Our years are but a sigh


When we are invited into our grandchildren’s lives, we better seize the invite. We finish our days like a sigh and every moment is infinitely priceless. Those special invites are rare and I’m amazed that they still want to be with us.
Our children fit into their generation; we are comfortable in ours. But, it’s our time together when our children and their children learn from us. They will carry our words and values into their generation.
Our time together might be bumpy and wild like a roller coaster ride. Our daughter called. “Why don’t we go to Grandparents’ Weekend at BIOLA. We will meet Spencer’s film team and will tour the campus.”
Our 22-year-old grandson is doing a lot of shaking and moving these days. I knew I needed to hold onto to my support stockings; there would be a lot of walking and climbing. I better double-up on my proteins and get back on the treadmill before the weekend.
To quote Jerry B. Jenkins, a writer: “The pacing of a good piece of writing is akin to a ride on a roller coaster. The highlights may be the big whoosh on the way down or the dizzying loops of the new monsters of the midway. But you’d be shortsighted to forget that half the fun is in the anticipation, that slow clacking up to the apex, where spines tingle, breathing stalls and hearts pound.”
Was he talking about visiting grandchildren in college? I think so. The pacing of entering our grandchildren’s lives is akin to a roller coaster ride and meeting the new monster of the midway — ourselves.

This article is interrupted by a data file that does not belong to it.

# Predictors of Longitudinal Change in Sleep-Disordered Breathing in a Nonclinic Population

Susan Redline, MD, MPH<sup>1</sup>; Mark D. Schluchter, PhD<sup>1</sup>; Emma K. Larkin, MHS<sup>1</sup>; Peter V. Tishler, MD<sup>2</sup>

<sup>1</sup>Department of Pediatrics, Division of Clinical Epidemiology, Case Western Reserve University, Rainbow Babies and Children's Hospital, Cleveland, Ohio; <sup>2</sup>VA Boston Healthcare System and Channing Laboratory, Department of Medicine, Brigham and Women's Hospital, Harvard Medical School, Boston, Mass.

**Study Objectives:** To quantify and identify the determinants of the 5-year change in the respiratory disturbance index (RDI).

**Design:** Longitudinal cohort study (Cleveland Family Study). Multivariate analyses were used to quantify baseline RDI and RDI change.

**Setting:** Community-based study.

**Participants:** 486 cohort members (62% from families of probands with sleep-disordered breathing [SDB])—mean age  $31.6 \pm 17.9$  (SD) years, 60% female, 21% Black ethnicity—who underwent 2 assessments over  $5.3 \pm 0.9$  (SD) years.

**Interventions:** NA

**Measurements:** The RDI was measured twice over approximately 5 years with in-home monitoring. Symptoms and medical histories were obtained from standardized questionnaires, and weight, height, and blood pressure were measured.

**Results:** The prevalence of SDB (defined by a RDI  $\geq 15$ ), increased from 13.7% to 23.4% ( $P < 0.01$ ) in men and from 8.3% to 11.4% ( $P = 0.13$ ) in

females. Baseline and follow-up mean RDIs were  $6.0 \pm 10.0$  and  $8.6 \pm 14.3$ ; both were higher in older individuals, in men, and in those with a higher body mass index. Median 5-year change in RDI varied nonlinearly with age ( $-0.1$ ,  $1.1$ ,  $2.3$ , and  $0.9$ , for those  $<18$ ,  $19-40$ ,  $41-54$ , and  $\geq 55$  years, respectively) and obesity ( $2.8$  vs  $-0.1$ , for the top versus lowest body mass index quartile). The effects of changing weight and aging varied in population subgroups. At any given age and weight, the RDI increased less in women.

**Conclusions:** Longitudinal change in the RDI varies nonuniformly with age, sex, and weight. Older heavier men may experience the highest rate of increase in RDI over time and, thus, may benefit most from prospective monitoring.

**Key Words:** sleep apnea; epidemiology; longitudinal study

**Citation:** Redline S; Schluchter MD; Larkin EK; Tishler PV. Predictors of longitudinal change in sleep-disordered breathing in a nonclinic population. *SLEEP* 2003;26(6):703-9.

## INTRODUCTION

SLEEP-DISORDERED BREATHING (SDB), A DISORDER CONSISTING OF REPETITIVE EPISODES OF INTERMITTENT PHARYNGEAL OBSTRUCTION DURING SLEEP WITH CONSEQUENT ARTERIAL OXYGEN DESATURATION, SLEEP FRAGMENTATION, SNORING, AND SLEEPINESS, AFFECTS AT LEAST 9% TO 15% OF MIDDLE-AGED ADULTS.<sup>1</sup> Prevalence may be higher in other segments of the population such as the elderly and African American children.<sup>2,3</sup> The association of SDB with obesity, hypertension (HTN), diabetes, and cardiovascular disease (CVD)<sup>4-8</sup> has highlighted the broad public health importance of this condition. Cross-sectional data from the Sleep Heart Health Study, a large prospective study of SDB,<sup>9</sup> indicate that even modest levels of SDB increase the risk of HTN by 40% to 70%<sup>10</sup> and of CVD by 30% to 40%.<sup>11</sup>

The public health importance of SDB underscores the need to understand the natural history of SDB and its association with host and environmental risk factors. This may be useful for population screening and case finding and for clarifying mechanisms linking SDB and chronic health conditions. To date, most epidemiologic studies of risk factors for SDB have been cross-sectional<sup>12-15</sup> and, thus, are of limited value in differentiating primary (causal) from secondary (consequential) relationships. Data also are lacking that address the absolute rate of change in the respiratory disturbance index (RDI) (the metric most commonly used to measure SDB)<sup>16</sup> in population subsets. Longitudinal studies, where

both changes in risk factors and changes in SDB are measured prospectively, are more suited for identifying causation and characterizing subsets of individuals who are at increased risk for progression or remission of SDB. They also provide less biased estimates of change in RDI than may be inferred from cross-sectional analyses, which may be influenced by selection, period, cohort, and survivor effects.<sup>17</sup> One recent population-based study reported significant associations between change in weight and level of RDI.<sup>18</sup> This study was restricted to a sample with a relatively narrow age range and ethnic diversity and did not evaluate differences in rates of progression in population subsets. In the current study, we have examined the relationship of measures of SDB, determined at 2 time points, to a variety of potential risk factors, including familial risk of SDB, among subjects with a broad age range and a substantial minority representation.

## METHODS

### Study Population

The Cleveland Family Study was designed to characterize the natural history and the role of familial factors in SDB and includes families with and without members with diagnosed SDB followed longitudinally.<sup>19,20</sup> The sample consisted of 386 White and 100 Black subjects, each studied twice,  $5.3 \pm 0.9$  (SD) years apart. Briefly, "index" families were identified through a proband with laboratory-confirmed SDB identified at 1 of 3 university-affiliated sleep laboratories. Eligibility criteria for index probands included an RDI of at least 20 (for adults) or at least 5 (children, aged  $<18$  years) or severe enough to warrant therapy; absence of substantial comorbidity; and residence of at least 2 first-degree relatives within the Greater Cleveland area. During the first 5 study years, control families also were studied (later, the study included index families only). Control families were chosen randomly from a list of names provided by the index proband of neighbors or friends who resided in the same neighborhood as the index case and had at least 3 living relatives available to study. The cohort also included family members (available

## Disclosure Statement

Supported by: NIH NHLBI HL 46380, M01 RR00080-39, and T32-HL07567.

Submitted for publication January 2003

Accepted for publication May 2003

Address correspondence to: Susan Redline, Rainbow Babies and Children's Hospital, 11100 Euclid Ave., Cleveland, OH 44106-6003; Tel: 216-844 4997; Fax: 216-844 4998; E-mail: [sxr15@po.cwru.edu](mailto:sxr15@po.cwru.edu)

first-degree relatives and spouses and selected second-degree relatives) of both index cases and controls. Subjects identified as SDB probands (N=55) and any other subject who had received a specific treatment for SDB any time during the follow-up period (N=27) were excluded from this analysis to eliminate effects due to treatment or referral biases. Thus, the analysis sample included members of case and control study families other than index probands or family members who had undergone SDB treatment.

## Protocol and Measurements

The weekend before, we made a day trip to Gunnison to see our other 22-year-old grandson in college and we entered his world. We took the scenic route from Lake City to Gunnison. We tiptoed across the top of Wolf Creek and jumped from peak to peak. We were on a roller coaster, up and down and meeting ourselves on hairpin curves. I was screaming, but I wasn’t having fun.
When we finally arrived in Gunnison, I said, “There is no way I’m going back home the way we came. I might not even have to pretend to have a heart attack. My heart is pounding so hard I’ll have to be airlifted out of here.”
I felt the whoosh and dizzy loops and my spine tingled. My breath stalled, my heart pounded and that was on the trip before we arrived at Western State University Colorado. I guess that’s what Jenkins was talking about.
Creede, my grandson, challenged me to a game of pool. Was I up to the challenge? I was doing good until I couldn’t reach the ball. He said, “Grandma. Do it like this. Crawl up on the table, lay flat and spread out. Hold your hand flat and run the stick next to it and lock your thumb around it and let it slide.”
It took four members of the family to lift me up on the table. There was a lot of chuckling, snickering and rolling of eyes.
I chalked my stick, I laid down across the table and heard the slow clacking up to the apex. I spread out, my breath stalled. I did what I was told. A crash between ball and stick, a whoosh, the ball bounced into the pocket. I had to climb off the 10-foot-high table with the red felt, but not without a lot of cheap shots from family members. So, this is what good writing and time with grandchildren feels like. The thrill of being up in the air without any way down and annoying characters cackling is supposed to make a good story and carry my words to the next generation.